Exodus 1:10-11. Come on, let us deal wisely with them, lest they multiply — When men deal wickedly, it is common for them to imagine that they deal wisely, but the folly of sin will at last be manifested before all men. They set over them task-masters, to afflict them — With this very design. They not only made them serve, which was sufficient for Pharaoh’s profit, but they made them serve with rigour, so that their lives became bitter to them; intending hereby to break their spirits, and to rob them of every thing in them that was generous; to ruin their health, and shorten their days, and so diminish their numbers; to discourage them from marrying, since their children would be born to slavery; and to oblige them to desert the Hebrews, and incorporate with the Egyptians. And it is to be feared the oppression they were under did bring over many of them to join with the Egyptians in their idolatrous worship; for we read, Joshua 24:14, that they served other gods in Egypt; and we find, Ezekiel 20:8, that God had threatened to destroy them for it, even while they were in the land of Egypt. Treasure-cities — To keep the king’s money or corn, wherein a great part of the riches of Egypt consisted.1:8-14 The land of Egypt became to Israel a house of bondage. The place where we have been happy, may soon become the place of our affliction; and that may prove the greatest cross to us, of which we said, This same shall comfort us. Cease from man, and say not of any place on this side heaven, This is my rest. All that knew Joseph, loved him, and were kind to his brethren for his sake; but the best and most useful services a man does to others, are soon forgotten after his death. Our great care should be, to serve God, and to please him who is not unrighteous, whatever men are, to forget our work and labour of love. The offence of Israel is, that he prospers. There is no sight more hateful to a wicked man than the prosperity of the righteous. The Egyptians feared lest the children of Israel should join their enemies, and get them up out of the land. Wickedness is ever cowardly and unjust; it makes a man fear, where no fear is, and flee, when no one pursues him. And human wisdom often is foolishness, and very sinful. God's people had task-masters set over them, not only to burden them, but to afflict them with their burdens. They not only made them serve for Pharaoh's profit, but so that their lives became bitter. The Israelites wonderfully increased. Christianity spread most when it was persecuted: the blood of the martyrs was the seed of the church. They that take counsel against the Lord and his Israel, do but imagine a vain thing, and create greater vexation to themselves.Any war - The Northeastern frontier was infested by the neighboring tribes, the Shasous of Egyptian monuments, and war was waged with Egypt by the confederated nations of Western Asia under the reigns of the successors of Amosis. These incursions were repulsed with extreme difficulty. In language, features, costume, and partly also in habits, the Israelites probably resembled those enemies of Egypt.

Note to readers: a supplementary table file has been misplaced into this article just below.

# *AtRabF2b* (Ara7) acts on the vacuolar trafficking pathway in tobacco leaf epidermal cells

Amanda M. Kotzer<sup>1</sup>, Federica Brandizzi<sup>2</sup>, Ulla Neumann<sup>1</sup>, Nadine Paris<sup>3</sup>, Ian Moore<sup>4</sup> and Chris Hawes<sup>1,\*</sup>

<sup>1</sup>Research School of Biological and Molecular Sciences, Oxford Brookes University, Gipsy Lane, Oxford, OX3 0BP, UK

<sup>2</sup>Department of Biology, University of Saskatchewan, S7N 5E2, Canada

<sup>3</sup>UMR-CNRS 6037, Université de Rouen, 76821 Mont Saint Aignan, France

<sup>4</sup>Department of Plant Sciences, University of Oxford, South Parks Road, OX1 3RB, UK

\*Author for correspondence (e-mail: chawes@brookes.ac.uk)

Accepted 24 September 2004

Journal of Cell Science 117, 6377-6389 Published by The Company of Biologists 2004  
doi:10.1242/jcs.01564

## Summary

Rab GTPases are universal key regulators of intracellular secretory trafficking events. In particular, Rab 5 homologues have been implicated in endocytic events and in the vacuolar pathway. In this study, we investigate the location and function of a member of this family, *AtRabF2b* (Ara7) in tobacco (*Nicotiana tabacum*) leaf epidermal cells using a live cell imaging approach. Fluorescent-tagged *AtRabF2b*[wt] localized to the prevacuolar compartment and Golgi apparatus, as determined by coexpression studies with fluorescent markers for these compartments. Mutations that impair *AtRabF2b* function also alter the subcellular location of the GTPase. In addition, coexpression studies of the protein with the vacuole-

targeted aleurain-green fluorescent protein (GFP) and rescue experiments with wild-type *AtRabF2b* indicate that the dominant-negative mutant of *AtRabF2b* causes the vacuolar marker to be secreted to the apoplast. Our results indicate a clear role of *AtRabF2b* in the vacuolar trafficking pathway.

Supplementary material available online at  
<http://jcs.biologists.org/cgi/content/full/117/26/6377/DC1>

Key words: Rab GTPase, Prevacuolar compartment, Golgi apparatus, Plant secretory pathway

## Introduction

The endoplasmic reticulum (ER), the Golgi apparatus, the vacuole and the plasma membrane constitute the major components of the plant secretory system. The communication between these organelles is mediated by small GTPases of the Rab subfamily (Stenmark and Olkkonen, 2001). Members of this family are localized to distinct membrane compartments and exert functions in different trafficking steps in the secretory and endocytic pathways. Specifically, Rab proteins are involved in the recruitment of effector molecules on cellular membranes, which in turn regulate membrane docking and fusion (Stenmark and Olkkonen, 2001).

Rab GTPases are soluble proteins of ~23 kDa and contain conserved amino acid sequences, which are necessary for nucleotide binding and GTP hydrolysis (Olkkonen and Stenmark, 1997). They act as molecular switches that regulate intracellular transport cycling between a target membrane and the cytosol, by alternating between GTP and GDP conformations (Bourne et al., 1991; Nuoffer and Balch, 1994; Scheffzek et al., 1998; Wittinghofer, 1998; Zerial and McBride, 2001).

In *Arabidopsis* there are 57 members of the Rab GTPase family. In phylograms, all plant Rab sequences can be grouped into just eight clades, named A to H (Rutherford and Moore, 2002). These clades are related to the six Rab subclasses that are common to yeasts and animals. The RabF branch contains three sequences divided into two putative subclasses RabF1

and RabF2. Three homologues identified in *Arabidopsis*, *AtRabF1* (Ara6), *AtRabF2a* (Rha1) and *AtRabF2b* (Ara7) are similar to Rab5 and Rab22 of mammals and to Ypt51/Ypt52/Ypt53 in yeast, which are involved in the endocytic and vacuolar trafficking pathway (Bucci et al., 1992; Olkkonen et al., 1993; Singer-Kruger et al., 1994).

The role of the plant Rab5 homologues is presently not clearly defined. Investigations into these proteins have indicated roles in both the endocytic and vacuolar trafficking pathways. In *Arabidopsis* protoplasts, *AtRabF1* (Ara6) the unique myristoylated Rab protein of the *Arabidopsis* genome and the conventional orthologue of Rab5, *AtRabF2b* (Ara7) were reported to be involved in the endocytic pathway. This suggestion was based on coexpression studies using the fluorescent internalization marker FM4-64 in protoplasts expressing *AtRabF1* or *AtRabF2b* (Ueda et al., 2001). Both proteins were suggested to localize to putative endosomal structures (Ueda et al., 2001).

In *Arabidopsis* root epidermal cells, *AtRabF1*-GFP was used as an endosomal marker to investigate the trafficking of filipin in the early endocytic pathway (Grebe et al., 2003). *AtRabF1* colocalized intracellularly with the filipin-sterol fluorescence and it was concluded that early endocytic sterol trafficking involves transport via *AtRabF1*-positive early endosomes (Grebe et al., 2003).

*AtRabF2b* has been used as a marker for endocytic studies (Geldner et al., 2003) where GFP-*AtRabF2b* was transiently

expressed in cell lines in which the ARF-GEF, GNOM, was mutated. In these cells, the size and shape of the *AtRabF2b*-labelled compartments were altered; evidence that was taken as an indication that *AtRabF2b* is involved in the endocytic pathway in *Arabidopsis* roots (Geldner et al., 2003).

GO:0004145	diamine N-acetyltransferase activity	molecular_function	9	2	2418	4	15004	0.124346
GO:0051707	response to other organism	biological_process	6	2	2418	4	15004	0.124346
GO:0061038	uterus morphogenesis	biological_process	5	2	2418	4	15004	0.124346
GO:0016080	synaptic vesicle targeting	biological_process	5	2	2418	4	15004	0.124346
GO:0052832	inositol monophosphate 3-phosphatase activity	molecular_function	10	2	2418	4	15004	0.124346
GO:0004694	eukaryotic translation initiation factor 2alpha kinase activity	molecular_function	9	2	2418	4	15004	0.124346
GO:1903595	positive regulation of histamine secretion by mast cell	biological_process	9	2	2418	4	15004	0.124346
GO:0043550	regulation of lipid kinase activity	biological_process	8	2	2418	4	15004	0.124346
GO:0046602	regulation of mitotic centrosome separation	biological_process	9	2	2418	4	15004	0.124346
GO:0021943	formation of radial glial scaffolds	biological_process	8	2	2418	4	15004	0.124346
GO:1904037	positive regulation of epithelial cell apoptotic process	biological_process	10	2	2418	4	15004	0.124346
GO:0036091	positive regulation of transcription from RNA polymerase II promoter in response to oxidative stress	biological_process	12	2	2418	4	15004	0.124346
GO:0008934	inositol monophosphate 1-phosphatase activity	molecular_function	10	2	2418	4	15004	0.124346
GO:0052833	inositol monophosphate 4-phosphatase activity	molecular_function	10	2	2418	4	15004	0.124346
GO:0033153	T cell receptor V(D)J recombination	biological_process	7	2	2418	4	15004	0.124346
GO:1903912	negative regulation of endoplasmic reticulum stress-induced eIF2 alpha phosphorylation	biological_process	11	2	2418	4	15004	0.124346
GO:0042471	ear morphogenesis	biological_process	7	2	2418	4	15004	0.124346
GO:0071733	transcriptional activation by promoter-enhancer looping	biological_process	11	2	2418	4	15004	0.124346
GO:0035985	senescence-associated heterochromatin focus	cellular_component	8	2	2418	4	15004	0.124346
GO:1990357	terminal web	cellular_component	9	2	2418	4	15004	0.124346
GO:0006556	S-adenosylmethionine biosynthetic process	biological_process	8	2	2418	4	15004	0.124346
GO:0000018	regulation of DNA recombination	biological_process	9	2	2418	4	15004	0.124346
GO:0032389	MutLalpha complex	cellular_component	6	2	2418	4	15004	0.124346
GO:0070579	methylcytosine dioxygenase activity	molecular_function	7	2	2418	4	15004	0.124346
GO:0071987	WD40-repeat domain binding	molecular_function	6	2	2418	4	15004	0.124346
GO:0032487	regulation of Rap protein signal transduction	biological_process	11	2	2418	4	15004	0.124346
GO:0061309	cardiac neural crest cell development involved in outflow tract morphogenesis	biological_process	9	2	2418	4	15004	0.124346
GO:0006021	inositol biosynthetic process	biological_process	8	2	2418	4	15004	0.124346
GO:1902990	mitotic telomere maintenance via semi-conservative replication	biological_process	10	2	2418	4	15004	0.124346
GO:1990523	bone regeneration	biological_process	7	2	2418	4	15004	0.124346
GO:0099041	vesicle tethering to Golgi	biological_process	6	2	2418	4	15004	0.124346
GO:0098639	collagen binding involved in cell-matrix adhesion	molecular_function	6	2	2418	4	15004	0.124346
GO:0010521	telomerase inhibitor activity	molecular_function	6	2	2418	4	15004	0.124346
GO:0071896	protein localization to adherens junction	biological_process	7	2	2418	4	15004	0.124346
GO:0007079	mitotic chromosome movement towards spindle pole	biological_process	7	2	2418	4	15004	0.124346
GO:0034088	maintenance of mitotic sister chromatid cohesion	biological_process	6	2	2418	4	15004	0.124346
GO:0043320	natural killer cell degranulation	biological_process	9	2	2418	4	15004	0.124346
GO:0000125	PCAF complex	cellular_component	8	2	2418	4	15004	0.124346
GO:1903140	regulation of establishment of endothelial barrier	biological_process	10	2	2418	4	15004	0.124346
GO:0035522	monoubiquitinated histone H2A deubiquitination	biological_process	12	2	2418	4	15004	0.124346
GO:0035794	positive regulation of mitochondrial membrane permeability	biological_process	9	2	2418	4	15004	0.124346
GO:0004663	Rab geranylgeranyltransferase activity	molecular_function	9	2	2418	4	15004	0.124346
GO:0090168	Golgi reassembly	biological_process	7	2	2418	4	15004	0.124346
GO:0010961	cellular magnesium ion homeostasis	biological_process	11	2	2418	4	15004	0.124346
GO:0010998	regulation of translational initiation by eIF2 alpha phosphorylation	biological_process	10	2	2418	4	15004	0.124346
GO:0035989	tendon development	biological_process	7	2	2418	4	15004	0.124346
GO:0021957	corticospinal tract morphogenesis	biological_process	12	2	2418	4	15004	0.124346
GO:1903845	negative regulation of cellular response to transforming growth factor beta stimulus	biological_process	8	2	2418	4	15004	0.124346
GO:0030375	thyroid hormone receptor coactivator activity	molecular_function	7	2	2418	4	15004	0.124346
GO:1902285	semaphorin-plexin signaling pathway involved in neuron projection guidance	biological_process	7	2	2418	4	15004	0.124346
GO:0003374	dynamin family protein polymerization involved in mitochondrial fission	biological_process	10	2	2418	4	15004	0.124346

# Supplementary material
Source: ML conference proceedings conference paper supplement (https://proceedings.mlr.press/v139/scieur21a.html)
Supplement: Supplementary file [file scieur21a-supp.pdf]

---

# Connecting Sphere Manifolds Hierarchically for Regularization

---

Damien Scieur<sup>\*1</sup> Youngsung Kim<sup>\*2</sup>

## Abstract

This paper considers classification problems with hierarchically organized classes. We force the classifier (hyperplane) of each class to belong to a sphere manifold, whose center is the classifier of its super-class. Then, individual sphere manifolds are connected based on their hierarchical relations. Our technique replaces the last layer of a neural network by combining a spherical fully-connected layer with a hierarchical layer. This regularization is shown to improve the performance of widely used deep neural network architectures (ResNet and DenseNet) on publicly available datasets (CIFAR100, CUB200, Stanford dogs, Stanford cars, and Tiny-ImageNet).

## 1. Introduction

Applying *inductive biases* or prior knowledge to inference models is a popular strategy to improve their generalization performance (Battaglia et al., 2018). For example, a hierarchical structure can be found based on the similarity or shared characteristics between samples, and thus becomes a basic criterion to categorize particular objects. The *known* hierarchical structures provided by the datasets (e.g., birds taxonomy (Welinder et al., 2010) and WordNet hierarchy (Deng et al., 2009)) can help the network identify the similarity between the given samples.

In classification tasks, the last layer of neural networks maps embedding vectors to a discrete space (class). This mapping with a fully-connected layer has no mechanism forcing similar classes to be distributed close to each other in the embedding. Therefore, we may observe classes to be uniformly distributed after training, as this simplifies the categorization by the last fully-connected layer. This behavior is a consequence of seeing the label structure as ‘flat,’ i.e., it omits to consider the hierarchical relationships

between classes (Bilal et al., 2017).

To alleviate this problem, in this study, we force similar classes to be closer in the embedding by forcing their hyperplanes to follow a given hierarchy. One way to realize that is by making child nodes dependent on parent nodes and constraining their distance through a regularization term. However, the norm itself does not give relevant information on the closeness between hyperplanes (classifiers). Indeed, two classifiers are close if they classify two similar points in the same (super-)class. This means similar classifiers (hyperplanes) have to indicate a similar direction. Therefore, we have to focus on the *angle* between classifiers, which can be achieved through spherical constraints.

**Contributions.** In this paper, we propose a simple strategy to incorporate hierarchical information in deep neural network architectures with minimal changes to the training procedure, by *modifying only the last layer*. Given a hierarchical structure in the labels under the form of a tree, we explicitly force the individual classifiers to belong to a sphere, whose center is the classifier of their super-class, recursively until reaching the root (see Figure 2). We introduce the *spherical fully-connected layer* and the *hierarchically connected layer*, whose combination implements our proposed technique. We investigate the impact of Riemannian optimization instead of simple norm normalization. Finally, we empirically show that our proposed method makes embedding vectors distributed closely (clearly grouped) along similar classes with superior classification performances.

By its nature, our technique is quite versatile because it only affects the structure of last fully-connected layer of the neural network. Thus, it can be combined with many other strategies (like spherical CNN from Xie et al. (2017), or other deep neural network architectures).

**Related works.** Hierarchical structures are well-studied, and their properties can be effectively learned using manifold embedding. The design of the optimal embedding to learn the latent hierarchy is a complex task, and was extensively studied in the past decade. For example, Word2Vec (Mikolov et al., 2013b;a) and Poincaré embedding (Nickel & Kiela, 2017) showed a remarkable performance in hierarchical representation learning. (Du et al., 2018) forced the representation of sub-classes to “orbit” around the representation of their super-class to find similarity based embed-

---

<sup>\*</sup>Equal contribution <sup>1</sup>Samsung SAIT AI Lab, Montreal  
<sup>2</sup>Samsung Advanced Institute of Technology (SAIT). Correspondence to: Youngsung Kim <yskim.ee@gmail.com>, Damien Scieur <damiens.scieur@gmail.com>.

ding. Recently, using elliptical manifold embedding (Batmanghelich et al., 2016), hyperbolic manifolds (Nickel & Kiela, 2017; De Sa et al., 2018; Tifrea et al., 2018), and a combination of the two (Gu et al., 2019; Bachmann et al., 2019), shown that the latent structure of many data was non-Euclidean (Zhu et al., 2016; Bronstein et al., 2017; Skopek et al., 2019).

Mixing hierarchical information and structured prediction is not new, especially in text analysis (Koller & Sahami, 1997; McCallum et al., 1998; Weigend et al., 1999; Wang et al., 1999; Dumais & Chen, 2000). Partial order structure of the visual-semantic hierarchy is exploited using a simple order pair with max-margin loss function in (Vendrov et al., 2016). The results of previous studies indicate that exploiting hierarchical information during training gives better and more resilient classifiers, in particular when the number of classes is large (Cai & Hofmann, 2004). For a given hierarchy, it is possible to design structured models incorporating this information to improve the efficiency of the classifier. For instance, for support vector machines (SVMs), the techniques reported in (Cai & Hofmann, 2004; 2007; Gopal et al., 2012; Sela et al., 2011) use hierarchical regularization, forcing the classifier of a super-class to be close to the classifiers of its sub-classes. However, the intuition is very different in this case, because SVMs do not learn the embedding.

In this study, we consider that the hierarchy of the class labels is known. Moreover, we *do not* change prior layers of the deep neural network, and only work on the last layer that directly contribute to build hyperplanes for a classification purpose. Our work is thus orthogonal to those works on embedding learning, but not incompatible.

Out of the land - The Pharaohs apprehended the loss of revenue and power, which would result from the withdrawal of a peaceful and industrious race.